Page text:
Many Muslim scientists like Ibn Sina (Avicenna), al-Hasan ibn al-Haytham, known in the West as Alhazen, and Muḥammad ibn Musa al-Khwarizmi (Algorithmi), made great contributions that shaped the modern world. In the 9th century, Muslim inventor Abbas ibn Firnas was the first to design and test a flying machine, hundreds of years before da Vinci drew plans of his own. Hospitals as we know them today believed to have come from 9th century Egypt.
Coffee, computers and piston engines – could we imagine a world without them? These are intricate parts of every day life for most of us and the knowledge that led to them was either invented by or passed down through the ancient Muslim world. That is the theme of an exhibit in London’s Science Museum and it’s a far cry from the view held by some that the Muslim and Western World represent a “clash of civilizations.”
A simple cup of coffee has become an intricate part of so many cultures. It’s called “Kawha”- where it was first developed as a drink – in the Arabian Peninsula, in today’s Yemen.
Professor Salim al-Hassani of the University of Manchester explains the coffee beans were actually brought to Yemen from the Horn of Africa, from Ethiopia.
“Well of course, coffee was invented in the very early years of Islam – a guy called Khaled in Ethiopia, a young man looking after his sheep,” al-Hassani said.
The sheep seemed to like the beans. So the young man took the beans to Yemen – the story goes – and the drink was developed and spread like wildfire.
And there were many other inventions or innovations passed on by the early Muslim world from the 7th Century onward, says Hassani.
“One of them is the invention of the university. This was done in the year 850 by a young lady called Fatima al-Fihri in the city of Fez in Morocco,” al-Hassani said. “The first university as we know it in the world, giving degrees and so on.”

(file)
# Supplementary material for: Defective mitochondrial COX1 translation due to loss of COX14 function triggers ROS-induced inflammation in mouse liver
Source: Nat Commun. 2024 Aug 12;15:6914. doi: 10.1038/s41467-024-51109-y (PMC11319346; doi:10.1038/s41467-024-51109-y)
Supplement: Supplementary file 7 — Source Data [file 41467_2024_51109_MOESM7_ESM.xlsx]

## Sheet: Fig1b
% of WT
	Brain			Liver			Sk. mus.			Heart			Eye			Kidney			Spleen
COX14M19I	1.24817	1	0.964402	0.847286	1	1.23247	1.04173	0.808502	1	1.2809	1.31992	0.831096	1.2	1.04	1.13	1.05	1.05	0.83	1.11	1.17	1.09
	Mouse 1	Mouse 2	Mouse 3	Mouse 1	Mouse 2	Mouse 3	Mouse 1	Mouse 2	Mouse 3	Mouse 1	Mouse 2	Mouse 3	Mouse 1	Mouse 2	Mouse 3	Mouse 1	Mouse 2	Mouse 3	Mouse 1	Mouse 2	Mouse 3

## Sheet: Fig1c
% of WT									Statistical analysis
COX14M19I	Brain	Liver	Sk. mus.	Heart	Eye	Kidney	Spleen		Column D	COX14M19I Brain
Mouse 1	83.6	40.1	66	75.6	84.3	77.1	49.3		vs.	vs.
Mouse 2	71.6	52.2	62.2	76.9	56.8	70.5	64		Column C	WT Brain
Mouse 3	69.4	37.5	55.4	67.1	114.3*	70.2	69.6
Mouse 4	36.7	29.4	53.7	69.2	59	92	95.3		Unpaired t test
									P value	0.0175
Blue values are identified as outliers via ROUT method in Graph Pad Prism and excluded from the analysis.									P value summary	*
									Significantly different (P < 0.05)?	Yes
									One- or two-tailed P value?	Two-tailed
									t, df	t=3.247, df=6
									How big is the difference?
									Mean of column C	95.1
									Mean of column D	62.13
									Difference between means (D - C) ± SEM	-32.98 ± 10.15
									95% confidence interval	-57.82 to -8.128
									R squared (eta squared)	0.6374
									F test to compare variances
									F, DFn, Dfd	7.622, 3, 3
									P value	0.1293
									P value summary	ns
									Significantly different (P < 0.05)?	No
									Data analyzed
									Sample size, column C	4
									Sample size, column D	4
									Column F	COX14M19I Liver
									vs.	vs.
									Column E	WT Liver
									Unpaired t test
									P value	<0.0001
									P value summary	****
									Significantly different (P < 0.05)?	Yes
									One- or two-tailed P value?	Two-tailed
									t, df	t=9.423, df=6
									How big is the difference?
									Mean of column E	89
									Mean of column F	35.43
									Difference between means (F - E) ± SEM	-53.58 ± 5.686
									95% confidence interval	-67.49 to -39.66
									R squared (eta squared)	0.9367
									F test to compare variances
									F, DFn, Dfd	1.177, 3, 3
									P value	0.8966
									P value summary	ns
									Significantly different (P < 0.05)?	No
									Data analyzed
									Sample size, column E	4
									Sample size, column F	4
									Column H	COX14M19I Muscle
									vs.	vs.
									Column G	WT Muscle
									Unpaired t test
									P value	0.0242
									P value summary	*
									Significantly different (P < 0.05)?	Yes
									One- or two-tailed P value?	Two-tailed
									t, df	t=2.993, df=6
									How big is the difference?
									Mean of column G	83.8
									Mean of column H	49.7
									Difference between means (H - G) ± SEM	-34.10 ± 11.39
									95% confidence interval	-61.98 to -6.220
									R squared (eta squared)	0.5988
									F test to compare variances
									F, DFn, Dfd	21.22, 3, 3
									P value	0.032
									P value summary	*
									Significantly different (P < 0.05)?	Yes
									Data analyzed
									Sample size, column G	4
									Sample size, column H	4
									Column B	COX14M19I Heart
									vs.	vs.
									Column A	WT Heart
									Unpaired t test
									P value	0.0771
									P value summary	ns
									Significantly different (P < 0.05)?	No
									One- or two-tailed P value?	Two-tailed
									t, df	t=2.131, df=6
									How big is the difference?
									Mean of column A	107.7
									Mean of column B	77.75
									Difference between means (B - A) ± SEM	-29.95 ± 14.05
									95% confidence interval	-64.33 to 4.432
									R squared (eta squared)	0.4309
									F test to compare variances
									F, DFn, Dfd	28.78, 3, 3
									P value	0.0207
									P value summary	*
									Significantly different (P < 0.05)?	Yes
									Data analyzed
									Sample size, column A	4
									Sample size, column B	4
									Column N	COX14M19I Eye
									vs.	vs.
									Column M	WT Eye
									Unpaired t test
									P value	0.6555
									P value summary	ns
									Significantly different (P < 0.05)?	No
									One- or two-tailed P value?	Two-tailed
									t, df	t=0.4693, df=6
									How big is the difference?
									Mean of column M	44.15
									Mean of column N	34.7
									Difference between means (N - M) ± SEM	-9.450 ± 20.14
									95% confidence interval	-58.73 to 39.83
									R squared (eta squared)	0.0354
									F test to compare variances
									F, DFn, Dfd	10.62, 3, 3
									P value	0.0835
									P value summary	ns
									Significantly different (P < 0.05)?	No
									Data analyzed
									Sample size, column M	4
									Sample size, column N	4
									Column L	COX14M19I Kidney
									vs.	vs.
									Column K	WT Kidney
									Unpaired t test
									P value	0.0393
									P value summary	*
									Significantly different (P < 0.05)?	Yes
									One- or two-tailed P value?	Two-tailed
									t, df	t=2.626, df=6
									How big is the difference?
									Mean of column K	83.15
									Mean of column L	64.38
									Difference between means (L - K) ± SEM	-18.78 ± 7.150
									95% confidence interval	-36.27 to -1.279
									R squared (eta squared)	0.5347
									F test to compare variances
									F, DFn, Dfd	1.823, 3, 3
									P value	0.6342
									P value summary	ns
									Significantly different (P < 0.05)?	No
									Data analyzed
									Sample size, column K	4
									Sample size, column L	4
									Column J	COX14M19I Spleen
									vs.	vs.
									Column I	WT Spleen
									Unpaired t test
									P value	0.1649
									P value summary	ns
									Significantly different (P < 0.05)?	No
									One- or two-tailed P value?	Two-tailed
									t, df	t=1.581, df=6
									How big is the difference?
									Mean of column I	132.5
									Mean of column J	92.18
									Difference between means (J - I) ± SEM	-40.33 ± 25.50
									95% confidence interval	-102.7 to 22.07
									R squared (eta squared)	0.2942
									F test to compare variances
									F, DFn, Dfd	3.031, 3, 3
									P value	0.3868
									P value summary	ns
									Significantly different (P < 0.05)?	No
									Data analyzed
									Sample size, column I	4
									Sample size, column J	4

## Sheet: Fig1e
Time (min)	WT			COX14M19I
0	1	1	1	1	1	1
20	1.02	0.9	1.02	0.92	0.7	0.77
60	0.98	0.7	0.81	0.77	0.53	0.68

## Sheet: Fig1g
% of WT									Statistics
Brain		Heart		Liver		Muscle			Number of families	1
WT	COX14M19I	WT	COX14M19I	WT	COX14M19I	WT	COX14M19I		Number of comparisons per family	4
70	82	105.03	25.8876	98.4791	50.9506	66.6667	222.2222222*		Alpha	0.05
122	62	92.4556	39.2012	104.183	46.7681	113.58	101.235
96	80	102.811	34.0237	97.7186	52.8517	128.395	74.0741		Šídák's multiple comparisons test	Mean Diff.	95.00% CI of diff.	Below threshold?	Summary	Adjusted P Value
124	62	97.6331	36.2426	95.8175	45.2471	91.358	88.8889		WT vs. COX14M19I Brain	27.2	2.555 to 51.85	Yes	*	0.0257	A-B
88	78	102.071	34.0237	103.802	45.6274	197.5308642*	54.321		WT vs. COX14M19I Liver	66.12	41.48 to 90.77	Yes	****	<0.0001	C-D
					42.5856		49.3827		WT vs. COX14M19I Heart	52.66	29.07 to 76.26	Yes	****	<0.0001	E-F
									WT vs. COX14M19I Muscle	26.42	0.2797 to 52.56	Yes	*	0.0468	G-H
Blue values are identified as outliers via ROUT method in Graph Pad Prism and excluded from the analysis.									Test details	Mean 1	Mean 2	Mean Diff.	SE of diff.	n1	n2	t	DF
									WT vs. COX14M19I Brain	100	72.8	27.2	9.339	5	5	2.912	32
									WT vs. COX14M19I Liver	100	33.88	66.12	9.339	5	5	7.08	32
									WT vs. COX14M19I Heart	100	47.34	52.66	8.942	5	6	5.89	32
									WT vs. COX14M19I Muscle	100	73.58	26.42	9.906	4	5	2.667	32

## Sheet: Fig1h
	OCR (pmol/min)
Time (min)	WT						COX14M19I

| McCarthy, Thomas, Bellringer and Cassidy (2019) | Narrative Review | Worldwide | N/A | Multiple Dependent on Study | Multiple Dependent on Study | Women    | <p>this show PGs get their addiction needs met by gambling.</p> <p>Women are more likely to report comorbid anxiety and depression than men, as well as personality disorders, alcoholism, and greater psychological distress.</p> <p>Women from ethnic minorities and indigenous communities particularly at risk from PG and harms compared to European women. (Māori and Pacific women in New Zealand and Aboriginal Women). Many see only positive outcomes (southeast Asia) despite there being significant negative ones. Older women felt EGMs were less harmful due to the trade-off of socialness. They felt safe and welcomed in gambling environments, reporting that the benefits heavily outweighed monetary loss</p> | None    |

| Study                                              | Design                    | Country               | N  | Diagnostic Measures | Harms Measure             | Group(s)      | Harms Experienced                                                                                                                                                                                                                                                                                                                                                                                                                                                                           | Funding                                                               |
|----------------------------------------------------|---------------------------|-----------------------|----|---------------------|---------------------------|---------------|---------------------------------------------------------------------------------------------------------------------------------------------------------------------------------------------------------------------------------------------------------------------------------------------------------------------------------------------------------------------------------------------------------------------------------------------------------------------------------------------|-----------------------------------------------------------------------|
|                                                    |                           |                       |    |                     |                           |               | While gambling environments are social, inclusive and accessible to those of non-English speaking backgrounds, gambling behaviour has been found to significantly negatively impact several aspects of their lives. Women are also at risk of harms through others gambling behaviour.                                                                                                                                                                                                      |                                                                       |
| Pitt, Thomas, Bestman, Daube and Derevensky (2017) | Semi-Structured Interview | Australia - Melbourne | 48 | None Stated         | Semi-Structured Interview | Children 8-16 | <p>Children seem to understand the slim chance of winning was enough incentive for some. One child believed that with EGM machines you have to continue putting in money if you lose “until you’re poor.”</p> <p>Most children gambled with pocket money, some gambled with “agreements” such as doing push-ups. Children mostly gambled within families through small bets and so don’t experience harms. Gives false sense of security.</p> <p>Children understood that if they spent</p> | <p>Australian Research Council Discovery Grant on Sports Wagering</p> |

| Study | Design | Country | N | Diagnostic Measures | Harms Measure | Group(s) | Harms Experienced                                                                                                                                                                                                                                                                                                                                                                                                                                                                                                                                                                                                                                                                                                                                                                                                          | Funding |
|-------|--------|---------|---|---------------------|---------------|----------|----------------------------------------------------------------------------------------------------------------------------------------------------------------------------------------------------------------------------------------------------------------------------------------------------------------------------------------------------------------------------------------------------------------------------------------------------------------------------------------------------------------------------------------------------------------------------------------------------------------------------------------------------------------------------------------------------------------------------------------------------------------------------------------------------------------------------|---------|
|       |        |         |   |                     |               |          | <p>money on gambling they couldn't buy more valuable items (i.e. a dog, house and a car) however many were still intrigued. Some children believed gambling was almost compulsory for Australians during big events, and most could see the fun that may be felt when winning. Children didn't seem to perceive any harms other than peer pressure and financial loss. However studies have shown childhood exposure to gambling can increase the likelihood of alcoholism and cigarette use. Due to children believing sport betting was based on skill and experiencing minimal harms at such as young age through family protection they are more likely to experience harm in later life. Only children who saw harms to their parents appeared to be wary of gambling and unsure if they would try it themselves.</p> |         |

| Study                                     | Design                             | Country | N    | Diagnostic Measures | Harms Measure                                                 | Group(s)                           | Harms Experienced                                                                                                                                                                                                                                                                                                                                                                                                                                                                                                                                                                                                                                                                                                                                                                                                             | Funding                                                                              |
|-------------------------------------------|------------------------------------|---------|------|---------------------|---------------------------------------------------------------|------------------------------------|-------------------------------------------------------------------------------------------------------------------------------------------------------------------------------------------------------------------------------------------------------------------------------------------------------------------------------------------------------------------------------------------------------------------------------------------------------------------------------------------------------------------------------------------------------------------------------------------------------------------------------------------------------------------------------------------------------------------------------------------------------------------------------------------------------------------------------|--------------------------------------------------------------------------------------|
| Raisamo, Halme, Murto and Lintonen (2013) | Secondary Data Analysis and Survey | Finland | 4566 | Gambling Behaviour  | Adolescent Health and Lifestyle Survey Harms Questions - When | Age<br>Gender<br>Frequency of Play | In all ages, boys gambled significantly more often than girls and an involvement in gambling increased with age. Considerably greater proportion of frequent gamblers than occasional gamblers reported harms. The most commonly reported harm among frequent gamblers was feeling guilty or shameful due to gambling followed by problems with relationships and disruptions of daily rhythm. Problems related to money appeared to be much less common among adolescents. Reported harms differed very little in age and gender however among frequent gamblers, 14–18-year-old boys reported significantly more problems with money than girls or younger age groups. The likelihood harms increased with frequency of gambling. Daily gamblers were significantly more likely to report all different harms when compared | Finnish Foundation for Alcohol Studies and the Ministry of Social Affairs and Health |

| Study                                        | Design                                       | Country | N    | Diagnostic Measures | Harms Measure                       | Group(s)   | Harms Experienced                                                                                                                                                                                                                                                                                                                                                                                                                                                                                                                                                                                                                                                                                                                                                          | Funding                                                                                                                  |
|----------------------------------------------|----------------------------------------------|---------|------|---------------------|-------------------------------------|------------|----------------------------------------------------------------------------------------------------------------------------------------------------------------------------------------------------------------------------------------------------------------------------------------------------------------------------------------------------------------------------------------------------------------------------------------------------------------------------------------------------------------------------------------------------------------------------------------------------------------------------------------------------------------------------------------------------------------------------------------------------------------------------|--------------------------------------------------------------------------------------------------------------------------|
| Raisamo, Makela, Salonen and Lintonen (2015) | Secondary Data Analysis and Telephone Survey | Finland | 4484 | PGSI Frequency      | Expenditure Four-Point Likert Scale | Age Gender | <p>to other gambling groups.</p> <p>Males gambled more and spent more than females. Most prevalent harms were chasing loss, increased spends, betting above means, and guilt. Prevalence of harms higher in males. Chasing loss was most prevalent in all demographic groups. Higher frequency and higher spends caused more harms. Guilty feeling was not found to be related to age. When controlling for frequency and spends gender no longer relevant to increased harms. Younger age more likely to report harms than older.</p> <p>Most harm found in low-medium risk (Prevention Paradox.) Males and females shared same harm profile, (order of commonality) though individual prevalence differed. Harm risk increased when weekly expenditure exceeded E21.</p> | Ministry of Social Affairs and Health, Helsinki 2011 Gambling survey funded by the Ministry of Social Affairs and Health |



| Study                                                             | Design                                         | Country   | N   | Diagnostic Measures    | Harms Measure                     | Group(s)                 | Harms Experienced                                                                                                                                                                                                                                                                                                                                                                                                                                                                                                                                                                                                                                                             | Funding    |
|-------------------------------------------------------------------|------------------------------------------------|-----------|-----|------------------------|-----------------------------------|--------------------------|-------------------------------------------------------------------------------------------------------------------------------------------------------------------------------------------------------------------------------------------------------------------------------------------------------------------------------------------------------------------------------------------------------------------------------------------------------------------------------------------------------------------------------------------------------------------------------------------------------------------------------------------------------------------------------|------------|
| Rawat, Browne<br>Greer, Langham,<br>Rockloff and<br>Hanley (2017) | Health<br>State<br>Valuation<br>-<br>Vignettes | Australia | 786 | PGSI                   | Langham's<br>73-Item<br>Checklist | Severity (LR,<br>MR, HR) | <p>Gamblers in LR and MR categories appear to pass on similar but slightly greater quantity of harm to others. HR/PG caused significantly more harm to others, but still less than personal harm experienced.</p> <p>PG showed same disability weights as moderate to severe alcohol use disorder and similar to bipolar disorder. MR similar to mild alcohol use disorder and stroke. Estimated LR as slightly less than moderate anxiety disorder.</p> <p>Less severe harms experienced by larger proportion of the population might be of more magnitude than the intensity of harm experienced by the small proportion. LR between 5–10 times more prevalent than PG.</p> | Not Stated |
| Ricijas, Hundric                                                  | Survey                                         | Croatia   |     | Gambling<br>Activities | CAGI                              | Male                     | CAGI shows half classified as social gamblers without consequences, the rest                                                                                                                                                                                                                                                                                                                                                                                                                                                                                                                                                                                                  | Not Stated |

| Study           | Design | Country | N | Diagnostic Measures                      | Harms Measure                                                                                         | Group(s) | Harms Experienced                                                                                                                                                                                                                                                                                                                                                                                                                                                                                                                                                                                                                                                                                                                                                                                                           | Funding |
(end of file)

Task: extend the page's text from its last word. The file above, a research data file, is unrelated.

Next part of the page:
And that’s the theme of this exhibit at the London Science Museum. It’s called 1001 inventions: the Muslim Heritage, a bit like “1001 Arabian Nights,” the well known fairy tale.
The exhibit in London focuses on scientific or technological inventions and advances that changed our world – from some of the earliest universities, to innovations in medicine, hygiene, pumps, and water wheels.
Some says these important achievements have been forgotten amid the news often coming out of the Muslim world today that focuses so much on strife and terrorism. But, ask just about anyone on the streets of, say, Cairo or Damascus today and they haven’t forgotten – they’ll readily tell you about Islam’s glory days – not just its conquests but its cultural, scientific and technological innovations.”
These advances came at the height of the Islamic empire’s glory when it spread from the Middle East, across North Africa to southern Spain and beyond.
A time when Muslim scholars and inventors were at the forefront, says Hassani.
“During that time, there were enormous contributions in science and technology that we have forgotten about and that comes to us from other civilizations,” al-Hassani said. “And, it came to use over a very important civilization and that is the Muslim civilization.”
Muslims absorbed knowledge – from India, China, the Greeks, the ancient Egyptians – and passed it on. One exhibit exemplifies that mixture – a giant clock featuring an Indian elephant and Chinese dragons and using ancient Greek water works. The one here is a replica of the original designed by the Muslim inventor, mathematician and engineer al-Jazari in the early 13th Century.
Anne Marie Brennan teaches forensic biology at London’s South Bank University and is fascinated by these innovations.
“Everybody has to love the elephant clock,” Brennan said. “The elephant clock is wonderful because it is like a United Nations clock. It has all the elements of different civilizations and I like it as a scientist because it shows that science doesn’t have to be boring and sterile and plain, but it can be decorative and it can also pay homage to the cultures that bring it forward.”
And then there is mathematics and algebra. In general, our numbers are known as “Arabic numerals” today, but it wasn’t always so, says professor Hassani.
“The numbers that we have today – 1,2,3,4 – they’re called Arabic numerals, but actually the Arabs at the time called them Indian numerals,” al-Hassani said.
And, the number “0” for example – “zephir” in Arabic – was used first by early Arab scholars as an integral part of mathematical equations. And that’s part of the all important formula of zeros and ones that was crucial to the development of computers and other new technology.